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Hysterectomy does not appear to diminish long-term life satisfaction among older women

About one-third of women in the United States have a hysterectomy by the age of 60. Fortunately, this operation doesn't seem to diminish their long-term life satisfaction, concludes a study supported in part by the Agency for Healthcare Research and Quality (HS06726).

In a 1992 survey, women aged 55-94 years were asked to rate their life satisfaction as better, the same, or worse after menopause or hysterectomy compared with before. Nearly one-fourth (23 percent) of the 1,177 women who responded to the mailed survey had undergone a hysterectomy with bilateral oophorectomy (uterus and both ovaries removed) an average of 24 years earlier, and 26 percent reported hysterectomy with ovarian conservation an average of 28 years earlier.

Women who were 20 or more years posthysterectomy or postmenopause were significantly more likely to rate their life satisfaction as better than were women 5 or fewer years after these events. Among women with a hysterectomy, 53 percent with oophorectomy and 60 percent with ovarian conservation rated life satisfaction better after the surgery. Only 42 percent of women who had not had a hysterectomy rated life satisfaction as better after menopause. These differences persisted, even after adjustment for age, estrogen use, or number of postoperative or postmenopausal years, notes Donna Kritz-Silverstein, Ph.D., of the University of California, San Diego.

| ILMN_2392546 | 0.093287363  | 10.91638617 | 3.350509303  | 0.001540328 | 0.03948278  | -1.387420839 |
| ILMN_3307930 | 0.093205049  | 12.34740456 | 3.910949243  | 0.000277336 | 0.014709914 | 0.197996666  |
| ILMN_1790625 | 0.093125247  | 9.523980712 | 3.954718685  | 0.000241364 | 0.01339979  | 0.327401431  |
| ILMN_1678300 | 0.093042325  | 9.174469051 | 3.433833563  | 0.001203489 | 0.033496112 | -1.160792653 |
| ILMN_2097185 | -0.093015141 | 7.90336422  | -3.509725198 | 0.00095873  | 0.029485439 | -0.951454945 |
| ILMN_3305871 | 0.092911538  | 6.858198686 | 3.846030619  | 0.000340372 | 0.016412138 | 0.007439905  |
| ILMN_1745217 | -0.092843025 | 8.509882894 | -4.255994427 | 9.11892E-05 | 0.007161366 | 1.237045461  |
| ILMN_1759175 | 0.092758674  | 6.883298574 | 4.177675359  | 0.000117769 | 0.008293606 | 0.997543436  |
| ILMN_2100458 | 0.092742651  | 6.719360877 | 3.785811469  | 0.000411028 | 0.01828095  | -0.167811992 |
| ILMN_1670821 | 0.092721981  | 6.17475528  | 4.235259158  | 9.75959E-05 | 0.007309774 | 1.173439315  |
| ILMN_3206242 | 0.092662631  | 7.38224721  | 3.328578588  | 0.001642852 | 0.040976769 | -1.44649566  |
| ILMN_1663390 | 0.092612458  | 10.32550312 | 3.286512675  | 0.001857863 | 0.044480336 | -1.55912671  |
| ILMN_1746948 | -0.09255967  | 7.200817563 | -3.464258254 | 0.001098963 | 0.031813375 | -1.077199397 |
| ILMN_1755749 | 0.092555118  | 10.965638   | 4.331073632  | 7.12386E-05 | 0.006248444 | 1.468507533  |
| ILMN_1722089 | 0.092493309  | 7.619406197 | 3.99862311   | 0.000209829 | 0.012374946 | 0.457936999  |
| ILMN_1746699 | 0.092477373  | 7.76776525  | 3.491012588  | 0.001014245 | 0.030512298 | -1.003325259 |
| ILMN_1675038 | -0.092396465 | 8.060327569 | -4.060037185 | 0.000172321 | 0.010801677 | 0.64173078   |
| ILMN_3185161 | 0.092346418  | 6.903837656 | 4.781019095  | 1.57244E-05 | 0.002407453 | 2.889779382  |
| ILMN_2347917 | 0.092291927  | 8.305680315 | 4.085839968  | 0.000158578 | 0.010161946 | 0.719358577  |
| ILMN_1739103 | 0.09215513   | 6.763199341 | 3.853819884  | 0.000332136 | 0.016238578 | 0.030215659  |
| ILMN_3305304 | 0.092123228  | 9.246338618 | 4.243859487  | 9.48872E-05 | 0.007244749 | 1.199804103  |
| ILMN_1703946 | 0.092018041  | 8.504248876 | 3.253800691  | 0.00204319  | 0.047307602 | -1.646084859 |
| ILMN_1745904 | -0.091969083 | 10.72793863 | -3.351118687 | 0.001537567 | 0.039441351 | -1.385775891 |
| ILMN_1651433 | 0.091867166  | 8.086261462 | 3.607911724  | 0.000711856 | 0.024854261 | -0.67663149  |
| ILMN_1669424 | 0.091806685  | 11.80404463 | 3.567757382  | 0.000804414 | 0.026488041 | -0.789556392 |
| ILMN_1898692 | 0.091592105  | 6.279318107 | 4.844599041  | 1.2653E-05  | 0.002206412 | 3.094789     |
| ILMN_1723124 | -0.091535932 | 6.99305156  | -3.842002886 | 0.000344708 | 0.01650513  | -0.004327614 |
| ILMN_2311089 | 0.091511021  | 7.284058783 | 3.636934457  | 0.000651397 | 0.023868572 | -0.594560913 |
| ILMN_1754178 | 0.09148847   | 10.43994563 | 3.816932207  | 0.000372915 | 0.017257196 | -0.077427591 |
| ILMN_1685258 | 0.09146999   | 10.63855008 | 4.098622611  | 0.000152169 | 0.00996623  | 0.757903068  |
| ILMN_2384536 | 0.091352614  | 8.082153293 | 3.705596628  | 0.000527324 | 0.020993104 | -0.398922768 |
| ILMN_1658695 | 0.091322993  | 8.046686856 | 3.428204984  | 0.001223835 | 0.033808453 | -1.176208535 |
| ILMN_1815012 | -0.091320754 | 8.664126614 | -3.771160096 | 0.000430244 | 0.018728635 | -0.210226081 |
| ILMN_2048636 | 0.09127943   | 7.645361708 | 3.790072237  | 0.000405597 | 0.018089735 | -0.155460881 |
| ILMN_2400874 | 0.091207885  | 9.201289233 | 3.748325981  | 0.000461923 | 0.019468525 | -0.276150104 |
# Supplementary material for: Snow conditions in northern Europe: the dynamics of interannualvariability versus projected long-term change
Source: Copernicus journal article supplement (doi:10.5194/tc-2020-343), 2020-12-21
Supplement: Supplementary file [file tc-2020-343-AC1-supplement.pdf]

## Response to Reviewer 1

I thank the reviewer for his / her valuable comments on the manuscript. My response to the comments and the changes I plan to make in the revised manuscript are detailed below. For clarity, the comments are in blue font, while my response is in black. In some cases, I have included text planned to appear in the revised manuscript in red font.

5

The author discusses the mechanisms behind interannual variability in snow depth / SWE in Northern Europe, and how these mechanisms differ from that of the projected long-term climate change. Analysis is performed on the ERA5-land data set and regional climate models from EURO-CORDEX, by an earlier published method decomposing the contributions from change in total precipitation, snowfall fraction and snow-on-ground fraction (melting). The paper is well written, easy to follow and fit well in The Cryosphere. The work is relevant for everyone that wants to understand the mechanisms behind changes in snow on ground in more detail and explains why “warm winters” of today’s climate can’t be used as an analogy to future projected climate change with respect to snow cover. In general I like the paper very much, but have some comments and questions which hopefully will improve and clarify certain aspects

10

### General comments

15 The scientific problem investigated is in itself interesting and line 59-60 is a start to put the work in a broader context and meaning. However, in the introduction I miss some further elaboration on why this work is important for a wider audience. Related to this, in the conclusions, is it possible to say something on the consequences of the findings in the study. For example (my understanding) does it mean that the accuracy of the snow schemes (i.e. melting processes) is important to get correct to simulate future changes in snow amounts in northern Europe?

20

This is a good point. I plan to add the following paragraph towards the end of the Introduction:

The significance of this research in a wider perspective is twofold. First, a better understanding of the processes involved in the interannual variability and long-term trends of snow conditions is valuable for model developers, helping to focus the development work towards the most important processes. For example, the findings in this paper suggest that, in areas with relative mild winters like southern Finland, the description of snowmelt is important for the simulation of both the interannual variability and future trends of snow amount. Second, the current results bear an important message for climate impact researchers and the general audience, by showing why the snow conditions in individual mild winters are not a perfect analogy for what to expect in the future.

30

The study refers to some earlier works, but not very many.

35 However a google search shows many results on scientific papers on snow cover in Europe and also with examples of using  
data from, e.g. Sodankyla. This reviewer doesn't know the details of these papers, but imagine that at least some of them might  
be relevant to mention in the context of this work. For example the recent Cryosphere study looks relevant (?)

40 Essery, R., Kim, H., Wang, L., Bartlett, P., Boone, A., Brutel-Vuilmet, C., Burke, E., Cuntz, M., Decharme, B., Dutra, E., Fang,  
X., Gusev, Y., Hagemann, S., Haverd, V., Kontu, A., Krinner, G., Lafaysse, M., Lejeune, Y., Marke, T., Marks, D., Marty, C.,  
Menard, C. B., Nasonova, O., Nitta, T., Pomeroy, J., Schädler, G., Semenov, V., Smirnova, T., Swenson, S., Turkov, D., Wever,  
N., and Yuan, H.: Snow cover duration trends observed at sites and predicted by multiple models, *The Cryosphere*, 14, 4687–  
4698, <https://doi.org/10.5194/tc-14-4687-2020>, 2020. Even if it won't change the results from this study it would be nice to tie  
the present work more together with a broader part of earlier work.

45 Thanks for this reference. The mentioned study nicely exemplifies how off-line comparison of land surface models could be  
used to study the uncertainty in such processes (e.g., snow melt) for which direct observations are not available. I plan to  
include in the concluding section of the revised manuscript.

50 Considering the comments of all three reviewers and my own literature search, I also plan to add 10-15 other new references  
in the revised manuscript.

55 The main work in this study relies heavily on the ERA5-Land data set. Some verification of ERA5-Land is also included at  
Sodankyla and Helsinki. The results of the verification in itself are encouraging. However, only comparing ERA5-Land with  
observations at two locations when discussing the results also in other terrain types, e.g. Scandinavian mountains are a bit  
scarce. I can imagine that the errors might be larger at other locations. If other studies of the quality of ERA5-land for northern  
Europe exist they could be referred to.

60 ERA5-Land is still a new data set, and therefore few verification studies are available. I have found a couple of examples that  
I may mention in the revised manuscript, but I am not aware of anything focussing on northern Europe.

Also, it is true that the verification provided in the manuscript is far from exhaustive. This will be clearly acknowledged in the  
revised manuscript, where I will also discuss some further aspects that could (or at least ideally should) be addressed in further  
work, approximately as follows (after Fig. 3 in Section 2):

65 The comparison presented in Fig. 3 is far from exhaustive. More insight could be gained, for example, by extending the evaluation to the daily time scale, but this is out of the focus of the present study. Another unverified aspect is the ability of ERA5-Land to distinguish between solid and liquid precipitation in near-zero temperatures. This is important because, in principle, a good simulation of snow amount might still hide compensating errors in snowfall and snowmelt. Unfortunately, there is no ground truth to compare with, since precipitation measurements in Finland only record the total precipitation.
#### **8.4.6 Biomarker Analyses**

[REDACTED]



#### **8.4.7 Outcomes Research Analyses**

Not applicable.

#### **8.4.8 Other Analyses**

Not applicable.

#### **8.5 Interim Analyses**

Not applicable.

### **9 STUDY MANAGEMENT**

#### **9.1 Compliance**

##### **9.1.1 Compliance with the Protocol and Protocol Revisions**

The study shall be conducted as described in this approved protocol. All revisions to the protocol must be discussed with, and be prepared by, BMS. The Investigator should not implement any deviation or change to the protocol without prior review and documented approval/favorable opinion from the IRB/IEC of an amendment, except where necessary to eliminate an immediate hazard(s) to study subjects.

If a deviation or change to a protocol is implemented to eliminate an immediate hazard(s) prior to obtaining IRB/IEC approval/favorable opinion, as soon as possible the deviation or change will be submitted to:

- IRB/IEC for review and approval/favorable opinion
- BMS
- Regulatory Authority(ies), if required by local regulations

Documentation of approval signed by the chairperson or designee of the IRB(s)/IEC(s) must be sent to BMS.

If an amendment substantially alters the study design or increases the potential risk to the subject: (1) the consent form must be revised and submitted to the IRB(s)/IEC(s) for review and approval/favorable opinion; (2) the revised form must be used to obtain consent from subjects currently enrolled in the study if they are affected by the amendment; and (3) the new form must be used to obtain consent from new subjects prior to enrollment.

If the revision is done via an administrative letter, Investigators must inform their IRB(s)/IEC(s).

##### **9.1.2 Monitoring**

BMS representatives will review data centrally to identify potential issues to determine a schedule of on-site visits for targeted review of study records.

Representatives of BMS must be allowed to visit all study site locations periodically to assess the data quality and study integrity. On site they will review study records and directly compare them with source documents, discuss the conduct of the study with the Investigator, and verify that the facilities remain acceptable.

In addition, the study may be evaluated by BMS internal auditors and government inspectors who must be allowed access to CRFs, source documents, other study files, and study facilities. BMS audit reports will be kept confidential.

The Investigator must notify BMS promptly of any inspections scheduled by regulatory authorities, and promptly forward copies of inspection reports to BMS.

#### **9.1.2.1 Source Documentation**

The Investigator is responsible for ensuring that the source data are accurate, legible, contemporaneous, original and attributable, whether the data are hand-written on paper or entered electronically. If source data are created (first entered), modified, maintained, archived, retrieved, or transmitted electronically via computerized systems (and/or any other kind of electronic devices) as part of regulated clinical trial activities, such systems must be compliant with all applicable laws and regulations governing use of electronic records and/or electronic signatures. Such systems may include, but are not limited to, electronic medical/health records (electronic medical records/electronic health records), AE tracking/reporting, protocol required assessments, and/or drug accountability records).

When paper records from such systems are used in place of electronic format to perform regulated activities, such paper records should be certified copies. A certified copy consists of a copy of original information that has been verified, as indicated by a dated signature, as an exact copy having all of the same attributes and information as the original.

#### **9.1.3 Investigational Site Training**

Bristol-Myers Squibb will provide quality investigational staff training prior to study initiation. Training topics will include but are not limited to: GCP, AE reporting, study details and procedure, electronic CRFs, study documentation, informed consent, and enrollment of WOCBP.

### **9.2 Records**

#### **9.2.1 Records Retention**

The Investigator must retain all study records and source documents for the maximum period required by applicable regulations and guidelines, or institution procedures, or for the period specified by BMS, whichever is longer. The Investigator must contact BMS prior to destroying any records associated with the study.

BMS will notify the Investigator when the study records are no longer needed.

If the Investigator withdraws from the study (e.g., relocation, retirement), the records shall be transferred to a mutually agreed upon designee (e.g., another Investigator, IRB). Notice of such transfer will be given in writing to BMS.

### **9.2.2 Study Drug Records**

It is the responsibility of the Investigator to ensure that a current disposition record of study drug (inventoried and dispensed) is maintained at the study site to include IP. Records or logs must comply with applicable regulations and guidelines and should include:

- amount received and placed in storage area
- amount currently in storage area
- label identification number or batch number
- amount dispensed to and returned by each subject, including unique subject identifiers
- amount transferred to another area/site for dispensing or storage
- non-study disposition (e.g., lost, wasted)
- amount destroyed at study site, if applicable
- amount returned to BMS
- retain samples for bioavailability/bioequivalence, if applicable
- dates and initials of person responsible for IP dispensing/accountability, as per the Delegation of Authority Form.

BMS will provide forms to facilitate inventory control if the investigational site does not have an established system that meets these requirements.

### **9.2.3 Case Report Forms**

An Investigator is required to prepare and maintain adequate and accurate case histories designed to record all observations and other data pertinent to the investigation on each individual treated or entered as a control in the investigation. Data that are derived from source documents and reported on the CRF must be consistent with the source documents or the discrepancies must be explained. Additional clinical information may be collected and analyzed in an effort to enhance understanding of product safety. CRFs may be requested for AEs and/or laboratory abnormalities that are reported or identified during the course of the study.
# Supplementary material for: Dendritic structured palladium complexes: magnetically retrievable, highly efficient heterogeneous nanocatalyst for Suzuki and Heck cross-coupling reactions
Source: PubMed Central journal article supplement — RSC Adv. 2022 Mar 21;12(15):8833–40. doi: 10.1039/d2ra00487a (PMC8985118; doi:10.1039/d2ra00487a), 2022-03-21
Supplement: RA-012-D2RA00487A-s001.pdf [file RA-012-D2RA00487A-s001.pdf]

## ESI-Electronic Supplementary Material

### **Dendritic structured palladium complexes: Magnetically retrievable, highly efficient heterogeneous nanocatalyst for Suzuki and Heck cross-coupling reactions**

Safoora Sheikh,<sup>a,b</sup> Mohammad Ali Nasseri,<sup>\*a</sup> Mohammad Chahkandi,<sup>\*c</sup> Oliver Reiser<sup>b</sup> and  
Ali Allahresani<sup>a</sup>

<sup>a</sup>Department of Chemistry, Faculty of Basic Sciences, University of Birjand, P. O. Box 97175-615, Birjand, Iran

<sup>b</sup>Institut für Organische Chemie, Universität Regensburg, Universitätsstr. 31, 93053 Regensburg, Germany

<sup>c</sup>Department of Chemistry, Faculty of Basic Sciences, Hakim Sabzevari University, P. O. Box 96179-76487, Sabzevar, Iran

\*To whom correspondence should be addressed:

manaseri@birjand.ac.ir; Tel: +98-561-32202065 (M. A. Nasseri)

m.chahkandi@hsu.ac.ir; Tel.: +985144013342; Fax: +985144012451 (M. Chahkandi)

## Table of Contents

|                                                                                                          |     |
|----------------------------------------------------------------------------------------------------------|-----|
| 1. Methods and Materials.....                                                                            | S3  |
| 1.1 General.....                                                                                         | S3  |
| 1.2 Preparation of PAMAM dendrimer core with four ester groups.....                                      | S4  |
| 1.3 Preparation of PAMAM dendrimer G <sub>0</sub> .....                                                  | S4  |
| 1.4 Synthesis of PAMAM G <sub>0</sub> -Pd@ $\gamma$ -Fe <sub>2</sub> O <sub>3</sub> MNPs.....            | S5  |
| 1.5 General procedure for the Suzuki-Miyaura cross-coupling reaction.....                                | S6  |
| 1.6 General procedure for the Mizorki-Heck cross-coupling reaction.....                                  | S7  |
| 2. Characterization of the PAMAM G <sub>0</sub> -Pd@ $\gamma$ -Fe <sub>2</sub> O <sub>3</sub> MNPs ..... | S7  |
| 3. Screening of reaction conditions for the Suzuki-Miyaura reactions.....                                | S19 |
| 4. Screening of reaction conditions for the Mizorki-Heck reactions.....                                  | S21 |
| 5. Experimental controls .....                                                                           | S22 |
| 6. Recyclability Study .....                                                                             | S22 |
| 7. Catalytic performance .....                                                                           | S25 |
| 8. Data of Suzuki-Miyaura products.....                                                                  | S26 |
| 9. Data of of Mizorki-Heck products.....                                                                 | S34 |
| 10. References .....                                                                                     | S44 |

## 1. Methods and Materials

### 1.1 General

Women currently using estrogen were significantly more likely to rate their life satisfaction as better than those who had never used estrogen. Even among women who had never used estrogen (which may improve mood and a sense of well-being), a significantly greater proportion of women who had a hysterectomy with ovarian conservation rated their life satisfaction as better than women who did not have a hysterectomy. Relief from symptoms (such as constant pain and heavy bleeding) necessitating hysterectomy may be responsible for the increased satisfaction among these women. Women who had a hysterectomy with both ovaries removed and had never used estrogen may have experienced new symptoms due to low levels of estrogen and testosterone.

See "Hysterectomy status and life satisfaction in older women," by Dr. Kritz-Silverstein, Deborah L. Wingard, Ph.D., and Elizabeth Barrett-Connor, M.D., in the Journal of Women's Health and Gender-Based Medicine 11(2), pp. 181-190, 2002.

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